You can't just expect consent." Helmholtz

            Comment


            • #7
              Originally posted by Chuck H View Post
              Adding a resistor from the speaker jack + to the ungrounded end of the 2.2k cathode resistor on V2 would be a typical NFB loop.
              This is the info that I needed.
              Re: the other user's mod ("Platefire mod") with the two different NFB loops inserted in the circuit, Platefire himself stated in several different threads in other forums that the mod was very effective and he was happy with the result.
              Anyway a single switchable (on/off) feedback resistor is what I'm heading to.
              Carlo Pipitone

              Comment


              • #8
                Originally posted by slidincharlie (Carlo P) View Post

                This is the info that I needed.
                Re: the other user's mod ("Platefire mod") with the two different NFB loops inserted in the circuit, Platefire himself stated in several different threads in other forums that the mod was very effective and he was happy with the result.
                Anyway a single switchable (on/off) feedback resistor is what I'm heading to.
                If Platefire likes his amp that's all that matters for him.

                I'd start with a 100k resistor. You could temporarily wire in a 250k pot as a variable resistor so you can adjust the resistance to your own tastes and then measure the value to choose a fixed resistor. Platefires "Harvard" circuit would be exactly what is proposed using a 56k resistor Which is a lot more NFB than needed IMO and would cause unnecessary loss of gain but use your ears.


                EDIT: Oh, and I have my info in a previous post backwards. It's Platefires "Princeton" circuit that caused the instability.
                Last edited by Chuck H; 03-27-2024, 01:42 PM.
                "Take two placebos, works twice as well." Enzo

                "Now get off my lawn with your silicooties and boom-chucka speakers and computers masquerading as amplifiers" Justin Thomas

                "If you're not interested in opinions and the experience of others, why even start a thread?
                You can't just expect consent." Helmholtz

                Comment


                • #9
                  I have added a 5k linear pot to the stock 820 ohm feedback resistor in my '76 Fender Deluxe Reverb amp. With such small-value range the effect is already noticeable and it's enough for my needs, but it's a totally different beast than the Silvertone.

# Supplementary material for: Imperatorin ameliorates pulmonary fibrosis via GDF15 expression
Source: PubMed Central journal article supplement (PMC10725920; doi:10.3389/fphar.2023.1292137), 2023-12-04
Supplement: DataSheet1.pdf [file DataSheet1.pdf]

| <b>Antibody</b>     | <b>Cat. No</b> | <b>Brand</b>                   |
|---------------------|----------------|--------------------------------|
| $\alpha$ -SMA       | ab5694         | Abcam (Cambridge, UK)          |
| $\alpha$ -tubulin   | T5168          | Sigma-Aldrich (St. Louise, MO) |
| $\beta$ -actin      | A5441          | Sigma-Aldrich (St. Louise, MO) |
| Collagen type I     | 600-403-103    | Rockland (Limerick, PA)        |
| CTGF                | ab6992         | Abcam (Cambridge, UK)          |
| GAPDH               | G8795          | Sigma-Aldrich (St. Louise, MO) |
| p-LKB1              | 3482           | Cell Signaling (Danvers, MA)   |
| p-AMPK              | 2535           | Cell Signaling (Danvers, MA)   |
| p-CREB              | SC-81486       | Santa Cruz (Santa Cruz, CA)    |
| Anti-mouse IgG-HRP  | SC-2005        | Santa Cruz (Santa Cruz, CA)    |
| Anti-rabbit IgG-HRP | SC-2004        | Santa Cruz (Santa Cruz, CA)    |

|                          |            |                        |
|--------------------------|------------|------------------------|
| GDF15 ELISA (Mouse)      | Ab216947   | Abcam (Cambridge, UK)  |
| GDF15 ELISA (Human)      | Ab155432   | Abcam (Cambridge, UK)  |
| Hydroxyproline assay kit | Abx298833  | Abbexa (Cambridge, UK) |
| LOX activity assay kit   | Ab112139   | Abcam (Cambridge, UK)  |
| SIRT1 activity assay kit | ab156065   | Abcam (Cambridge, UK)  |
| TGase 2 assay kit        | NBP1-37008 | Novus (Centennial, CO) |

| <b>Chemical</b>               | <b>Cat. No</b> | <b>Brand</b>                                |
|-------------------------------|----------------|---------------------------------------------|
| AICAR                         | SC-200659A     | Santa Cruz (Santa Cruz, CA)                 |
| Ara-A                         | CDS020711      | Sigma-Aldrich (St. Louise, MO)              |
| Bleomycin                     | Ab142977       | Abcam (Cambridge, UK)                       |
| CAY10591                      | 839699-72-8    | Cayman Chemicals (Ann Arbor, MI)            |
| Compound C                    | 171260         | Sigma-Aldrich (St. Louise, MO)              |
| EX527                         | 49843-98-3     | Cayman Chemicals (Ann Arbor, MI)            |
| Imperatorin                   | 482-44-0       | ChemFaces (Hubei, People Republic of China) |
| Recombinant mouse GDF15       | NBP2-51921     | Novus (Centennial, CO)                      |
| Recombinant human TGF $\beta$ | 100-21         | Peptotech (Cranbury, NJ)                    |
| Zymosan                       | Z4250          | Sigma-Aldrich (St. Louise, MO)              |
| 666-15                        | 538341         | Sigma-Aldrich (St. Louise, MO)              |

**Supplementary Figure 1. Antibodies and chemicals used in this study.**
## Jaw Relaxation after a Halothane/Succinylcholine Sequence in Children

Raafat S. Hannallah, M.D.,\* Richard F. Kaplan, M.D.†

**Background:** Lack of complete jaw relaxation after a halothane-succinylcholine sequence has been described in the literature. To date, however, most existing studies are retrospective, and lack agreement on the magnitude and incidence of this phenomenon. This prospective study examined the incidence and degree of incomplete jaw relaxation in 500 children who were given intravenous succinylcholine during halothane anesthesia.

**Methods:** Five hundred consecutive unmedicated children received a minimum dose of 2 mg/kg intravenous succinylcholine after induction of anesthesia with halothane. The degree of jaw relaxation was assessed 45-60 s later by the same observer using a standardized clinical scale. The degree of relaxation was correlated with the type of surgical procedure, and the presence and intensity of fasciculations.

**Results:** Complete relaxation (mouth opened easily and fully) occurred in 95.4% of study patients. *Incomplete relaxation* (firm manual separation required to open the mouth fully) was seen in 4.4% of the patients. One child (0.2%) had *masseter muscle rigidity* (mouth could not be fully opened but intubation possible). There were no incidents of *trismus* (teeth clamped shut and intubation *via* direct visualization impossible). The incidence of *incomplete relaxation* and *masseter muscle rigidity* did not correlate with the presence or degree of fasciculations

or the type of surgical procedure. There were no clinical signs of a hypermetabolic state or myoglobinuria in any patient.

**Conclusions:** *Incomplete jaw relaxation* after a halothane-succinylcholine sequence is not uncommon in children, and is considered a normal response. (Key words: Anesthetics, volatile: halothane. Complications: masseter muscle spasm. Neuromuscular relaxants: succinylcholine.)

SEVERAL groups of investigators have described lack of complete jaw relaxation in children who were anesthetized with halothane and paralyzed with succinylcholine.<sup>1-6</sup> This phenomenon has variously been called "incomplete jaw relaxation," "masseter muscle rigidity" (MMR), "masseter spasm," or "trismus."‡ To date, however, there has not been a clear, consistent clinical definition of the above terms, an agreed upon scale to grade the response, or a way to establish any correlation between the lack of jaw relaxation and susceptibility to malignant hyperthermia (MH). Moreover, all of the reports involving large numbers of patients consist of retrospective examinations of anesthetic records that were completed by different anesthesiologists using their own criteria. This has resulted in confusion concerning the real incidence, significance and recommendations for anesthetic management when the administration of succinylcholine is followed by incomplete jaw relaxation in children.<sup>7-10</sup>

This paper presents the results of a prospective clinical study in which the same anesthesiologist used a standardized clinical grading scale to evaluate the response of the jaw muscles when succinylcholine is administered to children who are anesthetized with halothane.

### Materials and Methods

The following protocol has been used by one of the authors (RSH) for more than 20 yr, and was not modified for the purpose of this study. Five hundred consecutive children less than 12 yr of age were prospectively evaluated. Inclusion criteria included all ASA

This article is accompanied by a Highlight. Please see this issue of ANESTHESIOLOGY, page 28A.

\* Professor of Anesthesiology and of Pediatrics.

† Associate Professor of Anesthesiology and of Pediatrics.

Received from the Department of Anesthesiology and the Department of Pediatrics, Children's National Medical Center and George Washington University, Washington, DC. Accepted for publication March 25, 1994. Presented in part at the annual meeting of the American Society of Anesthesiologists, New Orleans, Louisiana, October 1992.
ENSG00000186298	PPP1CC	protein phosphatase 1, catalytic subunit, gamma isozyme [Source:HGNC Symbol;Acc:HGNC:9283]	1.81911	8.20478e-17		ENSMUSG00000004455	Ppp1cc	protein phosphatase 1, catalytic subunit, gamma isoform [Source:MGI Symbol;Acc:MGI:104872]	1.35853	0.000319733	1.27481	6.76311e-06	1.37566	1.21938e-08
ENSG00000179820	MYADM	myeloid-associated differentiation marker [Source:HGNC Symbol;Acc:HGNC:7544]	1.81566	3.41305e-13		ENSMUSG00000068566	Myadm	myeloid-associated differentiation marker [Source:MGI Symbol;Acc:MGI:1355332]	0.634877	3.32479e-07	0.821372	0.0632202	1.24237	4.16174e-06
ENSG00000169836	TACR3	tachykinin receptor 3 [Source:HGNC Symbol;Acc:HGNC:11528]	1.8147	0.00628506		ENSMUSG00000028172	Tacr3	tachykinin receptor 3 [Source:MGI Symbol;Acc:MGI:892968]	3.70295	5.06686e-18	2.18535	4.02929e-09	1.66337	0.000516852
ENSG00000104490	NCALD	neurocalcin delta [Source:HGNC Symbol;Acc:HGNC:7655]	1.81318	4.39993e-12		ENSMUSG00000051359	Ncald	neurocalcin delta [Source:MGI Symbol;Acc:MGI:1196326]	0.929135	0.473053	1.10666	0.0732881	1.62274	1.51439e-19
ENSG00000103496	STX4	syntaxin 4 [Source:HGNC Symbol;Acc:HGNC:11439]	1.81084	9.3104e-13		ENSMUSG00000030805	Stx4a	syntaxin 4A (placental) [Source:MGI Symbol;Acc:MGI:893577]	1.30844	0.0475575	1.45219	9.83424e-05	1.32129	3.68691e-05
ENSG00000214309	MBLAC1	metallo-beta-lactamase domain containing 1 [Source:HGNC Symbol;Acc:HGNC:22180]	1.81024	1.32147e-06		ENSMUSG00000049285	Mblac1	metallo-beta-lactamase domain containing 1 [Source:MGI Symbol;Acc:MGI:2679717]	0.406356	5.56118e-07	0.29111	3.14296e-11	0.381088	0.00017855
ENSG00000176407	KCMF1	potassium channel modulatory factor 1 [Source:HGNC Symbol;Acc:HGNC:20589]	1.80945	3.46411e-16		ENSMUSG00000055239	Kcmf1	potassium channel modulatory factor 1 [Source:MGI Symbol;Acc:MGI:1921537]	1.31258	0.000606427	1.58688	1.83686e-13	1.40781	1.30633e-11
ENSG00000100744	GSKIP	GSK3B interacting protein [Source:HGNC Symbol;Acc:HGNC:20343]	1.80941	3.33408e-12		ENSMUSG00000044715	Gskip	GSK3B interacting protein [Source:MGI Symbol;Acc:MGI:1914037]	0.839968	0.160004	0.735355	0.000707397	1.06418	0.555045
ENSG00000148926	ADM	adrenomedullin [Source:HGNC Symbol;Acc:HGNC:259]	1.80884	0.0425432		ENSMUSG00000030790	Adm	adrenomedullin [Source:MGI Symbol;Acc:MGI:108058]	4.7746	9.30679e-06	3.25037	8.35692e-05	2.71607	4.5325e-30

I will experiment with resistors and report here.
                  Thanks.
                  Carlo Pipitone

                  Comment


                  • #10
                    Originally posted by slidincharlie (Carlo P) View Post
                    I have added a 5k linear pot to the stock 820 ohm feedback resistor in my '76 Fender Deluxe Reverb amp. With such small-value range the effect is already noticeable and it's enough for my needs, but it's a totally different beast than the Silvertone.
                    I will experiment with resistors and report here.
                    Thanks.
                    The way this reads it sounds like you put the pot in series with the feedback resistor. If so it would only allow you to decrease NFB in the Deluxe Reverb. What I proposed above is that you use a pot only for your Silvertone mod. This would allow you to choose any NFB level both lower and higher than typical. Then measure the resistance and use the nearest standard resistor value for your fixed circuit.
                    "Take two placebos, works twice as well." Enzo

                    "Now get off my lawn with your silicooties and boom-chucka speakers and computers masquerading as amplifiers" Justin Thomas

                    "If you're not interested in opinions and the experience of others, why even start a thread?
                    You can't just expect consent." Helmholtz

                    Comment


                    • #11
                      Originally posted by Chuck H View Post
                      The OT model is a generic that came from Dave H here on the forum.
                      .
                      Does the OT model contain parasitics like primary capacitance and leakage inductance (as those are essential contributors to phase rotation and instability)?

                      And yes, EL84s instead of 6V6s makes a lot of difference, as with EL84s the (forward) gain is almost 9dB (factor of 2.76) larger.
                      The greatly increased NFB ratio ( = gain without NFB divided by gain with NFB) will promote instability.

                      - Own Opinions Only -

                      Comment


                      • #12